Tag: Cory Maye
"Mississippi Drug War Blues" is a story about the intersection of race (Maye is black and Jones was white); the war on drugs; the disturbing increase in the militarization of police tactics; and systemic flaws in the criminal justice and expert-testimony systems.
It is a tragedy in which one man is dead and another may spend his life in prison.
As a result of the efforts of Reason Senior Editor Radley Balko, Cory Maye received new legal representation and his death sentence was changed to life in prison without parole. The legal fight for relief for Cory goes on. A clip from the documentary and status update is below the fold.
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Radley Balko, the journalist-blogger who has relentlessly followed the unjust conviction and death (now life) sentence of Cory Maye in Mississippi, has just returned from his fifth trip there and a week of visiting with Cory's family. He provides a very moving update.
If you don't remember the details of Cory's case, TChris recounted them a while back:
The police broke down Maye's door during a drug raid in Mississippi. The officers claimed they knocked, but having gone to the trouble of securing a "no knock" warrant, that claim is suspect. Maye, not realizing that the people invading his house in the middle of the night were police officers and concerned about the safety of his young daughter, shot an intruder without realizing he was shooting a police officer. The officer turned out to be the son of the police chief. The police turned out to have busted down the wrong door; their warrant was for the adjoining unit in the duplex where Maye lived. Maye is black; the officer and jury were white; and Maye, who seems to have been acting in self-defense, was nonetheless sentenced to death.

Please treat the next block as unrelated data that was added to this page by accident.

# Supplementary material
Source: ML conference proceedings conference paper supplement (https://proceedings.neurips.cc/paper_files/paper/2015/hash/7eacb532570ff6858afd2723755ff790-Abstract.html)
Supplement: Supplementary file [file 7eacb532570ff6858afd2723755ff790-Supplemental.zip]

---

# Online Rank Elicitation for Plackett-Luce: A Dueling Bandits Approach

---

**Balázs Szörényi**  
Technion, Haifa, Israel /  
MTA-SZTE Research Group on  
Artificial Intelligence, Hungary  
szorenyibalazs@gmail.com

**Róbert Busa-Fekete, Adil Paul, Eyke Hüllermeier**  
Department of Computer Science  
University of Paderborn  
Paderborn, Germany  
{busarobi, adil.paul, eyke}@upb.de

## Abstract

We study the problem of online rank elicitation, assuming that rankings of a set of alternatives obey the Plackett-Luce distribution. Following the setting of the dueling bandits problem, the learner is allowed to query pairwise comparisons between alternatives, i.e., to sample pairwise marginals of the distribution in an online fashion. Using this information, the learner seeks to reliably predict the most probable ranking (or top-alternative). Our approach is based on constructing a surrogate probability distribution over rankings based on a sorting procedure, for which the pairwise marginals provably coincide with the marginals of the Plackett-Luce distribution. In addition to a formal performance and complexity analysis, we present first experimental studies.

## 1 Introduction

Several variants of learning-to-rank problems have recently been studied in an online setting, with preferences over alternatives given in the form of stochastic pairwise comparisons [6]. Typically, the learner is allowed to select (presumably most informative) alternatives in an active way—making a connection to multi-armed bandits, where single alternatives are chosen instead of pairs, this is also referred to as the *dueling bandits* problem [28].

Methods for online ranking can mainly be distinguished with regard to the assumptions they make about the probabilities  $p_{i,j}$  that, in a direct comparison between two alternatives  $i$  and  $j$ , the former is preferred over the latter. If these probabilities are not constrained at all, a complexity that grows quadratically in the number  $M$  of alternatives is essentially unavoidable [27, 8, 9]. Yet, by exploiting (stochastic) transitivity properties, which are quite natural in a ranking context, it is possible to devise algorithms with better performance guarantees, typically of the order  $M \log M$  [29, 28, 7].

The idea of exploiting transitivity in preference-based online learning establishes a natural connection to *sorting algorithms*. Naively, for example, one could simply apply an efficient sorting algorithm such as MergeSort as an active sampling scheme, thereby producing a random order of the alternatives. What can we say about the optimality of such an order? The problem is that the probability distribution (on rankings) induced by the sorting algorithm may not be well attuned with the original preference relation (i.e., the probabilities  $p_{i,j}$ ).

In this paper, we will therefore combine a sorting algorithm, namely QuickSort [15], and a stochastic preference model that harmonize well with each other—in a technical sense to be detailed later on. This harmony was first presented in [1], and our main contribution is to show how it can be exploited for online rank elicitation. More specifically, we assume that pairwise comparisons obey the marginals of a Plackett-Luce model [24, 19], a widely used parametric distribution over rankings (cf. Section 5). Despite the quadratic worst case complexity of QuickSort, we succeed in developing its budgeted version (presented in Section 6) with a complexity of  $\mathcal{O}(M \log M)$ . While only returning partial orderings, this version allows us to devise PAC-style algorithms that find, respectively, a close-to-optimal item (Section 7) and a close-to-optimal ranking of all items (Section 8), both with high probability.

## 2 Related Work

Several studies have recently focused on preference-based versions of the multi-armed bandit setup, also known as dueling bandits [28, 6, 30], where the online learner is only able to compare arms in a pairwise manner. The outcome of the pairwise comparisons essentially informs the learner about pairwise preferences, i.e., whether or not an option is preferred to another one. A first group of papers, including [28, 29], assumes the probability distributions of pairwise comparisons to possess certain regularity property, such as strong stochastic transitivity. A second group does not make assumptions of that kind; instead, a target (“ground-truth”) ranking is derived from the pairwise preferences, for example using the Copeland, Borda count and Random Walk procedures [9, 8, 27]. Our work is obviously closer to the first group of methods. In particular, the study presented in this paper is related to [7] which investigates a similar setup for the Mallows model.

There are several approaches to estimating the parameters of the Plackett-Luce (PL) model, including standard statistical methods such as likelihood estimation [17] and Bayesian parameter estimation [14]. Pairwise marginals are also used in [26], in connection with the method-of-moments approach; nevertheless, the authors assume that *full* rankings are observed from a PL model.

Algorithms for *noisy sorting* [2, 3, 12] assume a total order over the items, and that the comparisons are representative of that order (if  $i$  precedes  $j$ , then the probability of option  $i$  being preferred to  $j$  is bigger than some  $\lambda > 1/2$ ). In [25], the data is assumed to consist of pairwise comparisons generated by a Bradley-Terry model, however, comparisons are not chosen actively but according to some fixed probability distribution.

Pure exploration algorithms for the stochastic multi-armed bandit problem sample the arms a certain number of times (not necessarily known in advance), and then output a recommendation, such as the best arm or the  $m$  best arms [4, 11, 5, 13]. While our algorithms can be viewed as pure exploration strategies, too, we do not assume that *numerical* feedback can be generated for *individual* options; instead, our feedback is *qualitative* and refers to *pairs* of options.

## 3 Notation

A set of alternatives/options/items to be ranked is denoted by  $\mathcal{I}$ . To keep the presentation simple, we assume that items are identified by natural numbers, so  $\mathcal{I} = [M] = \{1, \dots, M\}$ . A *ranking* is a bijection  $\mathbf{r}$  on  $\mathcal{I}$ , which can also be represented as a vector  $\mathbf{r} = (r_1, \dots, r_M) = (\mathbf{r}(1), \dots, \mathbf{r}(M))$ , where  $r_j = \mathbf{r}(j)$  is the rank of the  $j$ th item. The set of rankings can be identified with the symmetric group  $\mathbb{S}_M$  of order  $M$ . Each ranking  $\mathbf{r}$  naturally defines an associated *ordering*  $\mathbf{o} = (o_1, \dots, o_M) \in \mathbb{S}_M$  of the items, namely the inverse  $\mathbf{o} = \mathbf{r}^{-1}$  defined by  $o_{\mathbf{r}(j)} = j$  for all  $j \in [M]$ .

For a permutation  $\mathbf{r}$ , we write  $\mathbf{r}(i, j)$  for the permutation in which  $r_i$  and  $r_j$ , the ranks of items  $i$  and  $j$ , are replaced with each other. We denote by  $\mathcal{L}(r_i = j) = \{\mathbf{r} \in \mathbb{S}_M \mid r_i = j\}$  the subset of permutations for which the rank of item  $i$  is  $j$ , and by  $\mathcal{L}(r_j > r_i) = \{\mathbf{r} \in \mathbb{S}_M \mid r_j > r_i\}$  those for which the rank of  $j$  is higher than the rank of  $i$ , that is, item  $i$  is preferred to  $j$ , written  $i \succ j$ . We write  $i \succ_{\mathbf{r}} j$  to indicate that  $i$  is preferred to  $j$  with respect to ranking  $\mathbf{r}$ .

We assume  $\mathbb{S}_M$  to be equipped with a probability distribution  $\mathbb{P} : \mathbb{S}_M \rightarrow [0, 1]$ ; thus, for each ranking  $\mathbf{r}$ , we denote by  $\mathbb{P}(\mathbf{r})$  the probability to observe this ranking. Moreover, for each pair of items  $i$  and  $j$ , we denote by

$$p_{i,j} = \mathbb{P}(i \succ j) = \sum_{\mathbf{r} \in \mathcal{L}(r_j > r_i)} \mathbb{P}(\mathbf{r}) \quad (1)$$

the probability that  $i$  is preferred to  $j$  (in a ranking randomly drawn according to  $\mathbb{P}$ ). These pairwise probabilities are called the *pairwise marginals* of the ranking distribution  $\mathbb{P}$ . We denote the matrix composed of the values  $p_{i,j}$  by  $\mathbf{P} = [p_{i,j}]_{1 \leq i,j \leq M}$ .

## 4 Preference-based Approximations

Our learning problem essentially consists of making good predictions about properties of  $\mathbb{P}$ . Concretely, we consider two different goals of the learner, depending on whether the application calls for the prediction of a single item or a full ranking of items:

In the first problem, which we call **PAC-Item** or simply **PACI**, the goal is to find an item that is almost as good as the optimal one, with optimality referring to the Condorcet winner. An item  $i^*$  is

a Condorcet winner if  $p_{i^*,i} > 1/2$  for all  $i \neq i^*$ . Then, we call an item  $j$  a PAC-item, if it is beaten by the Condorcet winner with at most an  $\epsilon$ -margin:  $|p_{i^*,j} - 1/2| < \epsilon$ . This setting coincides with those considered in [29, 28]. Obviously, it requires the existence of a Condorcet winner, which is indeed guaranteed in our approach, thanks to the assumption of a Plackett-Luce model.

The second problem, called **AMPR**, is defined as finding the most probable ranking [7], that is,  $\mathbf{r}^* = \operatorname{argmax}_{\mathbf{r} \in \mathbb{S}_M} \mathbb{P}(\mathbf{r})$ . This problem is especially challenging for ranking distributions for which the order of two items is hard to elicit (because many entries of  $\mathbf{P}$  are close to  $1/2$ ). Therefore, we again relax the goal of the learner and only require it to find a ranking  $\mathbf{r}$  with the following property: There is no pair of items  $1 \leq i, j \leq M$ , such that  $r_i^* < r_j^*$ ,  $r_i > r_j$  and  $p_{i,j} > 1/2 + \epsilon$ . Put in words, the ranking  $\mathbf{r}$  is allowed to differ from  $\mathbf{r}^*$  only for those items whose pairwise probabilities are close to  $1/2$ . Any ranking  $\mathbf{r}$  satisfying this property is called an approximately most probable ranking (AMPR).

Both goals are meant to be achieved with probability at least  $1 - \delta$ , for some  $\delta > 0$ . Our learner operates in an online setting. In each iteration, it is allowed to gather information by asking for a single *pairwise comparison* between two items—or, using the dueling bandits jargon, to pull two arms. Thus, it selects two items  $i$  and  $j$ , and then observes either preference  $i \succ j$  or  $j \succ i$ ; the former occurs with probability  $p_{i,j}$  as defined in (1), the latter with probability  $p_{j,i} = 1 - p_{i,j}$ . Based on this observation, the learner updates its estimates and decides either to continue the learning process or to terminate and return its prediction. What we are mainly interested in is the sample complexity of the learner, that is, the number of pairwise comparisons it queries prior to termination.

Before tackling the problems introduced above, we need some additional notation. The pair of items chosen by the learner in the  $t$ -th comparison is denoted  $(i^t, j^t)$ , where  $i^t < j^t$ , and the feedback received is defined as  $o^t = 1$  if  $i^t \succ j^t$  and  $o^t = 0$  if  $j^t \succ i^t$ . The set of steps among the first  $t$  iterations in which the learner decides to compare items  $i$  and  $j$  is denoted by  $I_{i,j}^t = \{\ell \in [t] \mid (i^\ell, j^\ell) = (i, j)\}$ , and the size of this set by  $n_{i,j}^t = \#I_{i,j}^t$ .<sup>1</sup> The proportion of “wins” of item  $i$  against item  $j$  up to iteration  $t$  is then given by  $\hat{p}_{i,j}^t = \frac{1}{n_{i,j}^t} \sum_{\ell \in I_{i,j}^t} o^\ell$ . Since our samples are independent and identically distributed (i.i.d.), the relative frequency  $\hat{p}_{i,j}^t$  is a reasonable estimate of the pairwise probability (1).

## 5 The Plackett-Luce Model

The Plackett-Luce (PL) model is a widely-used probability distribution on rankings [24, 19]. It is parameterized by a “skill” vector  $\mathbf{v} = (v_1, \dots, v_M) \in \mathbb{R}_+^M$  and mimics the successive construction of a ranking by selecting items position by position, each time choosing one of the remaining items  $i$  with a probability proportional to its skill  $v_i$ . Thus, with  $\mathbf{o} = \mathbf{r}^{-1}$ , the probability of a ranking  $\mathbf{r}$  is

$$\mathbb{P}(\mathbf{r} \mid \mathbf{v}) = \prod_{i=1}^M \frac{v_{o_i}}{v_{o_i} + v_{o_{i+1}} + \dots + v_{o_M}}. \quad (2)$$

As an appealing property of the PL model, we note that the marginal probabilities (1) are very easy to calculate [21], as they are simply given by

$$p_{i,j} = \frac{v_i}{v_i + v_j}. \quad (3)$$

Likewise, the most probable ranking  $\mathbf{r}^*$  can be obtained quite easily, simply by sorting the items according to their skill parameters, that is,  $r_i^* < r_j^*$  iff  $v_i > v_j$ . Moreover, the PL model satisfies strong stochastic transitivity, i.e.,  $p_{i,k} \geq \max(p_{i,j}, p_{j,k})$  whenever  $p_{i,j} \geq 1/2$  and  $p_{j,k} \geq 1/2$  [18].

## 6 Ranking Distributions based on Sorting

Since then, Cory's death sentence was changed to life without parole. Radley writes that he's recently been moved to Parchman, Unit 32. [More...]
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